Coping with Our Collective Grief | Torrance Memorial

Published on June 07, 2022

Coping with Our Collective Grief

man consoling crying woman

Written by Moe Gelbart, PhD - Director, Behavioral Health

We’re living in unprecedented times. A global pandemic, a national recession, and daily news reports of war, food shortages and mass shootings. These events have been seared in all our minds, and it’s not surprising that we may be experiencing feelings that are difficult to understand and process. For many of us, coping with these tragedies can be extremely difficult. Unfortunately, in our society, we have too many examples and experiences of this kind of tragedy. Here are some suggestions for getting through these painful times.

Respect your feelings: You may be feeling angry, sad, fearful, in shock, numb or other trying emotions. Allow your feelings to exist without judgment. Do not compare yourself to others or feel they are handling things better. Your feelings are never wrong or incorrect, and they will provide you a window into your thoughts. Understanding your thoughts will help you navigate the difficulties. We do not want to suppress, or repress, our feelings but rather process them. What that means is understanding where they come from, which helps us learn more about ourselves—even though it may be temporarily hard to bear. In the long run, walking through these experiences will lead to closure more easily.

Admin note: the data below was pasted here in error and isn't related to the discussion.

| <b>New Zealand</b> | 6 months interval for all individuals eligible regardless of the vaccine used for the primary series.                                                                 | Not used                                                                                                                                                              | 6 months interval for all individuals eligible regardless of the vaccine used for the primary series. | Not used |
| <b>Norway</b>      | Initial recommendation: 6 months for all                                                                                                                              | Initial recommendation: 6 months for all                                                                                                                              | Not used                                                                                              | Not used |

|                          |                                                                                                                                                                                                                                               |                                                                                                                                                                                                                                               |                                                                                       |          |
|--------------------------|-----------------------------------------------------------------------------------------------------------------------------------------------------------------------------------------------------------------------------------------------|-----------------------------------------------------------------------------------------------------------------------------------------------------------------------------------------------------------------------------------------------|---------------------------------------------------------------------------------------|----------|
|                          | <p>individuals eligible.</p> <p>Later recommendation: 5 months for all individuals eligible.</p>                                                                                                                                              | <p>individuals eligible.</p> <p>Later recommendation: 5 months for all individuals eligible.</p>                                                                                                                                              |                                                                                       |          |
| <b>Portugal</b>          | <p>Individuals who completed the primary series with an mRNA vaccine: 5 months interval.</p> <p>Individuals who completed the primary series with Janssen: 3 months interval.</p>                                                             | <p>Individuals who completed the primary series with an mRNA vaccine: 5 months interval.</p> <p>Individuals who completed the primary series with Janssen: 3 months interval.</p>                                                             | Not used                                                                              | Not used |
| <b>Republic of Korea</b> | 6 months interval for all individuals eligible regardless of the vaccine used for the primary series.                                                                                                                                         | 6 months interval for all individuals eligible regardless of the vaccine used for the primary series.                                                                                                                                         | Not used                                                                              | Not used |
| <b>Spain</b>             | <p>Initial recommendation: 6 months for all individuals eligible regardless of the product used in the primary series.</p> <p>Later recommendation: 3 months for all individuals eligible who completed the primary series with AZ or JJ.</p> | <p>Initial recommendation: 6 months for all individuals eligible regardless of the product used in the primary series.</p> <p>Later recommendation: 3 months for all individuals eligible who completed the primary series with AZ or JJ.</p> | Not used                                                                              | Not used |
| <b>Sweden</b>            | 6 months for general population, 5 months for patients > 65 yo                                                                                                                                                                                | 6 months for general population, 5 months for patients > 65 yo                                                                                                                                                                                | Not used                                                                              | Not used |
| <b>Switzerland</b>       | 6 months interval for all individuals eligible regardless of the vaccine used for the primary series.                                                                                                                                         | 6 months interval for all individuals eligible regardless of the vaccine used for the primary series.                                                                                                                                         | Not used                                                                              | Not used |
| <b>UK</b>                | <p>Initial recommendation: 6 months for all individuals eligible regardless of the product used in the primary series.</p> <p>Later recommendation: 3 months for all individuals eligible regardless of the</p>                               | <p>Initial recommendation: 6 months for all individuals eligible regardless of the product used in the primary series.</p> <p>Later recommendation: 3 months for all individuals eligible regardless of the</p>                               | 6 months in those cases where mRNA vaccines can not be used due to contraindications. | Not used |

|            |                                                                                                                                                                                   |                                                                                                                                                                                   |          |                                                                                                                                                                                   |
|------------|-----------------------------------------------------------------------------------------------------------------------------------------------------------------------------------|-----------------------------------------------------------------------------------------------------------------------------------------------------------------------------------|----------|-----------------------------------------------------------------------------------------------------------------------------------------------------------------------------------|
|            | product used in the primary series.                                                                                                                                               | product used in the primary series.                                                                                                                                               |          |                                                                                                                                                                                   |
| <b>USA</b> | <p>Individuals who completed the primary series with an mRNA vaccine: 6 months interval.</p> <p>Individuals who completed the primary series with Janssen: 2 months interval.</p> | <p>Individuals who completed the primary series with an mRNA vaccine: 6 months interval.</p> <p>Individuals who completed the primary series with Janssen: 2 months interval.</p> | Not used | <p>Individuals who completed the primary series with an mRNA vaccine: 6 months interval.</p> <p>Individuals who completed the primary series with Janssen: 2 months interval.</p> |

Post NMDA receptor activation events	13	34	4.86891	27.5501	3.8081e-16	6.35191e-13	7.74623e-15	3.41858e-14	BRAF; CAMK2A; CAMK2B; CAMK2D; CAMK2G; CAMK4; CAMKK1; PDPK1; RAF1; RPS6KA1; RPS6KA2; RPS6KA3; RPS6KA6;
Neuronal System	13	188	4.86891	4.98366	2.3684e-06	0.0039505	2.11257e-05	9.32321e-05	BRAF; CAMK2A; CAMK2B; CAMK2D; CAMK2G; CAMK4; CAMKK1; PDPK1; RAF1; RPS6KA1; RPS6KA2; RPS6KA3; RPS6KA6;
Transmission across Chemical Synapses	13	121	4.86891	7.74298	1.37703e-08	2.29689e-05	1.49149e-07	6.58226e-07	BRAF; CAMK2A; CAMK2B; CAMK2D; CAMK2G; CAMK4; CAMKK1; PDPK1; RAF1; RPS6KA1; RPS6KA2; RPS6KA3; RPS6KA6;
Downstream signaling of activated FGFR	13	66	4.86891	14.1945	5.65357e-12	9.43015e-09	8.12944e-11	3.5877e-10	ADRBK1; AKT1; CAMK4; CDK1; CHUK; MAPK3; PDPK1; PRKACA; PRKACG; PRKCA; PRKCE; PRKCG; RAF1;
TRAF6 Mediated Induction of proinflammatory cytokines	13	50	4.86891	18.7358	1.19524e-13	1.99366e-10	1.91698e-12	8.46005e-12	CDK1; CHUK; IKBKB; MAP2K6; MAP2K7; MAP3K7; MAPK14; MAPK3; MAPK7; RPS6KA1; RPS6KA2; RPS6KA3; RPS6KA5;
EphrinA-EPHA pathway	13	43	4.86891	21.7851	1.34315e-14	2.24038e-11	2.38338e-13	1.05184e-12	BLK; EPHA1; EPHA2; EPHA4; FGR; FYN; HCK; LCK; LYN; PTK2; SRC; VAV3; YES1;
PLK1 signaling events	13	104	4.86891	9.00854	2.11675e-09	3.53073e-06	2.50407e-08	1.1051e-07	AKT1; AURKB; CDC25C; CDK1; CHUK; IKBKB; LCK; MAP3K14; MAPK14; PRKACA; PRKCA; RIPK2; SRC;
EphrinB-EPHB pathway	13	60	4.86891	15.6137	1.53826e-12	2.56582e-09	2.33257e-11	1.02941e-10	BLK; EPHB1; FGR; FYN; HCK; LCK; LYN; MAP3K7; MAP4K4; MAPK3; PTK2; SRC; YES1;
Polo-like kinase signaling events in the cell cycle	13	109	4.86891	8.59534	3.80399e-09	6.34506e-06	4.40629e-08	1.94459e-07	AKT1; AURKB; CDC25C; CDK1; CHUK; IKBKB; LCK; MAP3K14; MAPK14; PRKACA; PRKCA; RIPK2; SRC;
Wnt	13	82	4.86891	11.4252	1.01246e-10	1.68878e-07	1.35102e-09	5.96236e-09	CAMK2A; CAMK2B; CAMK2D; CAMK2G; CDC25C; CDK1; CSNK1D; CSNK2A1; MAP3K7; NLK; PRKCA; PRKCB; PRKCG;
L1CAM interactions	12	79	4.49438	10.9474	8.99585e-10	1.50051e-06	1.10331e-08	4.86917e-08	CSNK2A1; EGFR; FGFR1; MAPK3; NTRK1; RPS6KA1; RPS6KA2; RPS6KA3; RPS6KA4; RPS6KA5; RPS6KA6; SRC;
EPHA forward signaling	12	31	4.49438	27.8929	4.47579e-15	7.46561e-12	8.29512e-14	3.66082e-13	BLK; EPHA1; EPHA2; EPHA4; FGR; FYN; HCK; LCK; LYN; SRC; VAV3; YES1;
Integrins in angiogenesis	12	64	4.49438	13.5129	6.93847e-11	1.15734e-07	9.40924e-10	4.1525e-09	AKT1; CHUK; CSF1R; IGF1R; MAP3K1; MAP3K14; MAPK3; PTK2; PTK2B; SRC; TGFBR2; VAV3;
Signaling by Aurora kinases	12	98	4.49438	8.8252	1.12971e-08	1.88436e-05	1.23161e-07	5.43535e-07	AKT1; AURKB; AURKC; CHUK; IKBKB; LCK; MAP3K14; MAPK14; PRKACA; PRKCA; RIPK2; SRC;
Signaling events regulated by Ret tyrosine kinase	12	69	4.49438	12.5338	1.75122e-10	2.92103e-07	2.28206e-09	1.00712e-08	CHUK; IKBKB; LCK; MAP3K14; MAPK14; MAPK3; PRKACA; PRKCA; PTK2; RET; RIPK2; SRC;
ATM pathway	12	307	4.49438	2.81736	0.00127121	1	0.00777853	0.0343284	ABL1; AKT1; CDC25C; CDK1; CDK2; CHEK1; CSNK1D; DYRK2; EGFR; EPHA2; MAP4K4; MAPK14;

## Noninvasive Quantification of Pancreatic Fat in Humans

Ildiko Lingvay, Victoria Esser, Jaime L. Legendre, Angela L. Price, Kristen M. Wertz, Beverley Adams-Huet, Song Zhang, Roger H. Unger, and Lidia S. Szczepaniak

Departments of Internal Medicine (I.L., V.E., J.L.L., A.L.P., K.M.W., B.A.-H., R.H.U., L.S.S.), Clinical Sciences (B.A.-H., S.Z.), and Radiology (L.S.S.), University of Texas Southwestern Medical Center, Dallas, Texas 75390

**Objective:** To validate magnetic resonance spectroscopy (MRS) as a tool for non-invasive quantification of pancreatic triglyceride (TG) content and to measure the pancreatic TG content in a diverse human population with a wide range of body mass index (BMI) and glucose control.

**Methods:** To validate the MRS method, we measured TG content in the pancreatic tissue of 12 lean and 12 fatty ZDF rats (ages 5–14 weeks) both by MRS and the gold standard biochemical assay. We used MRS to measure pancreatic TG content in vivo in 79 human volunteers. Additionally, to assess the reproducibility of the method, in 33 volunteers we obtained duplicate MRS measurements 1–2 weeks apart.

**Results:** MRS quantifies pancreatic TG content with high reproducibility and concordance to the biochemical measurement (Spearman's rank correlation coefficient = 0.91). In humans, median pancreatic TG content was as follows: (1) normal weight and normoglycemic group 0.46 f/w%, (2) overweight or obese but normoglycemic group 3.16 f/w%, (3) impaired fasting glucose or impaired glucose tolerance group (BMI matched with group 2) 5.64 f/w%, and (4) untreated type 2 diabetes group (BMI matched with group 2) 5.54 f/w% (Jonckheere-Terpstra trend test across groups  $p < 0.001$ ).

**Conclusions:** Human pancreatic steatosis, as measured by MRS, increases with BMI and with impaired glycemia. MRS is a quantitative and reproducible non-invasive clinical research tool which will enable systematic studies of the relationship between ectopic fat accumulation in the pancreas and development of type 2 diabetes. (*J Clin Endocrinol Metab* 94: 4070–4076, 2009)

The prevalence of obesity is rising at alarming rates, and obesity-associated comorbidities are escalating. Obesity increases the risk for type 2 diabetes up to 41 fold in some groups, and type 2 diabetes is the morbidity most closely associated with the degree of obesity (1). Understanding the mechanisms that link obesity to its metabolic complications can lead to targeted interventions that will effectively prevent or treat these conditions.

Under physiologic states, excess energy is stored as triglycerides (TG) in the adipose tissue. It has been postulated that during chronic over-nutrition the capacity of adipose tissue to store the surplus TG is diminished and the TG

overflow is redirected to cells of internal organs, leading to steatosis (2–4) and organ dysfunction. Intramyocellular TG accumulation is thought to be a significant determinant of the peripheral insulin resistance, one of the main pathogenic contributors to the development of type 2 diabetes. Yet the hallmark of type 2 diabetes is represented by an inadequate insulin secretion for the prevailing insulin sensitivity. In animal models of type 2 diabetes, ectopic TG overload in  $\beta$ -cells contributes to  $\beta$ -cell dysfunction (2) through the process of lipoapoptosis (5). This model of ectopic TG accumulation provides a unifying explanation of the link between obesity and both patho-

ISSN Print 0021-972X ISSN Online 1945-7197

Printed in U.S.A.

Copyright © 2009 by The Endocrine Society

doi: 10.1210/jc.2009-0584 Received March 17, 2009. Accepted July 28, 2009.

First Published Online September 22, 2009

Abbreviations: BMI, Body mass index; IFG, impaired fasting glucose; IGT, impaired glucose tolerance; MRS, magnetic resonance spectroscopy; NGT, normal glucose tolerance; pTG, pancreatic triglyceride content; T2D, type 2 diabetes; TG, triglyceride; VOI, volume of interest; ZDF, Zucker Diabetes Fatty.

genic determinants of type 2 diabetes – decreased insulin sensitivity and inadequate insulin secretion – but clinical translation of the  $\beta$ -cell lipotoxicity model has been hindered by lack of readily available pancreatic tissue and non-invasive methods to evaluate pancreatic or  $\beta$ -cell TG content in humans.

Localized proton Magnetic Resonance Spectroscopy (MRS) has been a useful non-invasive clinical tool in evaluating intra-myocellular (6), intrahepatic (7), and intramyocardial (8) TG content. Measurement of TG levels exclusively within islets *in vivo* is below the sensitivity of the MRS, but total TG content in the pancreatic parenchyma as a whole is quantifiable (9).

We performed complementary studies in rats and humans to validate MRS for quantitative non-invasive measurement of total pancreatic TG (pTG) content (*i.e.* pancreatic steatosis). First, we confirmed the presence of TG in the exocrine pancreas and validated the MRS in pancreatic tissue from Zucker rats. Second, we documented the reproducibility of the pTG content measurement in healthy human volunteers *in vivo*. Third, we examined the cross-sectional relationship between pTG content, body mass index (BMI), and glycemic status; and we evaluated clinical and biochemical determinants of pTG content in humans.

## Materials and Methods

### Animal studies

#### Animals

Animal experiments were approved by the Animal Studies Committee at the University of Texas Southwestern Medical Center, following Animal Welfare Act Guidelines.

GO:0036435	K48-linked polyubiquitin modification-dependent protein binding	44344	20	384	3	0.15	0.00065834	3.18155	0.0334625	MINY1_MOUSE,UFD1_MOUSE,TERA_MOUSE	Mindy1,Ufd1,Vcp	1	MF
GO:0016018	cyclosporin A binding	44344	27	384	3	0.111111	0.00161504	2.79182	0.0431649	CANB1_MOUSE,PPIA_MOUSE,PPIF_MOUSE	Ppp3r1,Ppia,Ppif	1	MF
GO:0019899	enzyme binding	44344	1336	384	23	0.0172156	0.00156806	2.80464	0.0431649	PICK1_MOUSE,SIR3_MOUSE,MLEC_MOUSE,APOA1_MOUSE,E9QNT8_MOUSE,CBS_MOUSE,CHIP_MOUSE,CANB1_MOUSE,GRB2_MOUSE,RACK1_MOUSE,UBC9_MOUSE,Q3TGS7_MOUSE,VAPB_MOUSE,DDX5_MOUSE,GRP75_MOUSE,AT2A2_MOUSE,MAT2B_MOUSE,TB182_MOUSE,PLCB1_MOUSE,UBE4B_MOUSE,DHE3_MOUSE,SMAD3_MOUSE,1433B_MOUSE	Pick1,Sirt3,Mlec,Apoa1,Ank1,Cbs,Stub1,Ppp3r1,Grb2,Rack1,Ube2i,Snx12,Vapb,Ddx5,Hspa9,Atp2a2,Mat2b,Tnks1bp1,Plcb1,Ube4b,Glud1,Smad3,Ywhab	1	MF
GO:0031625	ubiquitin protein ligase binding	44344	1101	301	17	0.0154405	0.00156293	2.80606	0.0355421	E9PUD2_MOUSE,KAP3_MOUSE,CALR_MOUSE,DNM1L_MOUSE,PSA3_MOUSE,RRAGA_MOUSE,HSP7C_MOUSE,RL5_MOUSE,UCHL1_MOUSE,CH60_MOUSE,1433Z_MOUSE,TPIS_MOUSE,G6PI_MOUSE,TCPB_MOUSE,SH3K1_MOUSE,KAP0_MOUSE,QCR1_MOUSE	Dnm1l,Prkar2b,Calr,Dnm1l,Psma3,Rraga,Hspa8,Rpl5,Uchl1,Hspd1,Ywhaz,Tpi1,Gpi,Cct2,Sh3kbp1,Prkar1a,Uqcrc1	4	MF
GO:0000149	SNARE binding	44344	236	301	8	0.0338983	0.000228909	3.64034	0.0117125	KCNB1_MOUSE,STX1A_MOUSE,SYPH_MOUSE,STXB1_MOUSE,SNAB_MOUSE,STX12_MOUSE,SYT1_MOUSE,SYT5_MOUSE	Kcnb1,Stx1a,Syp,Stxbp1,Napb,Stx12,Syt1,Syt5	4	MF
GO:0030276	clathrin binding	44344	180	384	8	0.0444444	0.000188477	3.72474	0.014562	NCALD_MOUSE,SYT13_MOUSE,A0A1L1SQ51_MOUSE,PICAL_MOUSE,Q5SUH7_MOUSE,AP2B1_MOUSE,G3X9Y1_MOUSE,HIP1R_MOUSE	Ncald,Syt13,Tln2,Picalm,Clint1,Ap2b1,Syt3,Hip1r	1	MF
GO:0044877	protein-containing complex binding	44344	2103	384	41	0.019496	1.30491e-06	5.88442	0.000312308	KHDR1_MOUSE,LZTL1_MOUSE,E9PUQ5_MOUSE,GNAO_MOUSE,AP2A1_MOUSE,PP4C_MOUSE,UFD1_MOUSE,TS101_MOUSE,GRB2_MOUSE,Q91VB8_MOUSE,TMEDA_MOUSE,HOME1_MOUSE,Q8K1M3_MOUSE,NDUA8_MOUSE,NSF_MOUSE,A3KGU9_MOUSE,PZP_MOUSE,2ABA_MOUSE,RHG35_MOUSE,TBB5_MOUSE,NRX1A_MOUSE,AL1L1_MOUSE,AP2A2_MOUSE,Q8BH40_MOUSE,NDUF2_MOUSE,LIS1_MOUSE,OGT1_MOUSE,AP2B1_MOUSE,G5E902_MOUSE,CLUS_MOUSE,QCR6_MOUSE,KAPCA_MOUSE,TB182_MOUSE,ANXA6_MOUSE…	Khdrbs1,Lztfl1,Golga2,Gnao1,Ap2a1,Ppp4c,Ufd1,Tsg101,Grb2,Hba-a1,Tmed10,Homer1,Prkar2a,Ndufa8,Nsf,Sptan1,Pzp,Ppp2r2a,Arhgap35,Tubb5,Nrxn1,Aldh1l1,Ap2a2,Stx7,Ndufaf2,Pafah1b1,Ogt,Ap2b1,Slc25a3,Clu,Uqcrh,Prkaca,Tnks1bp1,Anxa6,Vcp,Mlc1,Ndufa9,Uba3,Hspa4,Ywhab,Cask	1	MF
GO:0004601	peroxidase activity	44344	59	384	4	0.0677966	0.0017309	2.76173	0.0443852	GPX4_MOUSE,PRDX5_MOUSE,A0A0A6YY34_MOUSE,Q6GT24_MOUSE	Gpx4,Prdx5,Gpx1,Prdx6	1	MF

Physical signs: Often, when we try to bury our painful feelings and thoughts, the emotions come out as physical symptoms like headaches, stomach aches, muscle pain and insomnia. If you are experiencing physical symptoms, your body is demonstrating that you have emotions you are not bringing to the surface. Instead of trying to numb ourselves, deny our feelings or act like we are OK, we need to find ways to deal with, talk about and understand our painful feelings.

Grief: Grief is a normal, albeit painful, reaction to traumatic events and loss. Many of us are experiencing secondary, or collective, grief in response to the recent shootings. When we think of this happening to innocent people—especially children—in environments that are supposed to be safe, the foundation of our security is shaken. I encourage people I work with to not try to get over grief, but rather to get through it. Walking through the grief—processing painful thoughts and emotions—is a much more painful and difficult endeavor, but it helps put things in proper perspective and allows us to move on in a healthier way. For those experiencing primary grief (i.e., those who have actually experienced the loss), getting through it is fragile, may take a long time and, for some, may never fully occur.  

Talk: Talking to others is the best “medicine” for primary or secondary grief. Find those close to you who are not judgmental and will not try to talk you out of your experience or tell you what you should feel or do—no matter how well intended. Feel free to say what is on your mind without judging yourself. If someone close to you wants to talk, be an empathic listener and do not become a problem solver. Most of us experiencing secondary grief and trauma want a shoulder to lean on and a feeling of acceptance. Remember what Maya Angelou said: “People will forget what you said, people will forget what you did, but people will never forget how you made them feel.”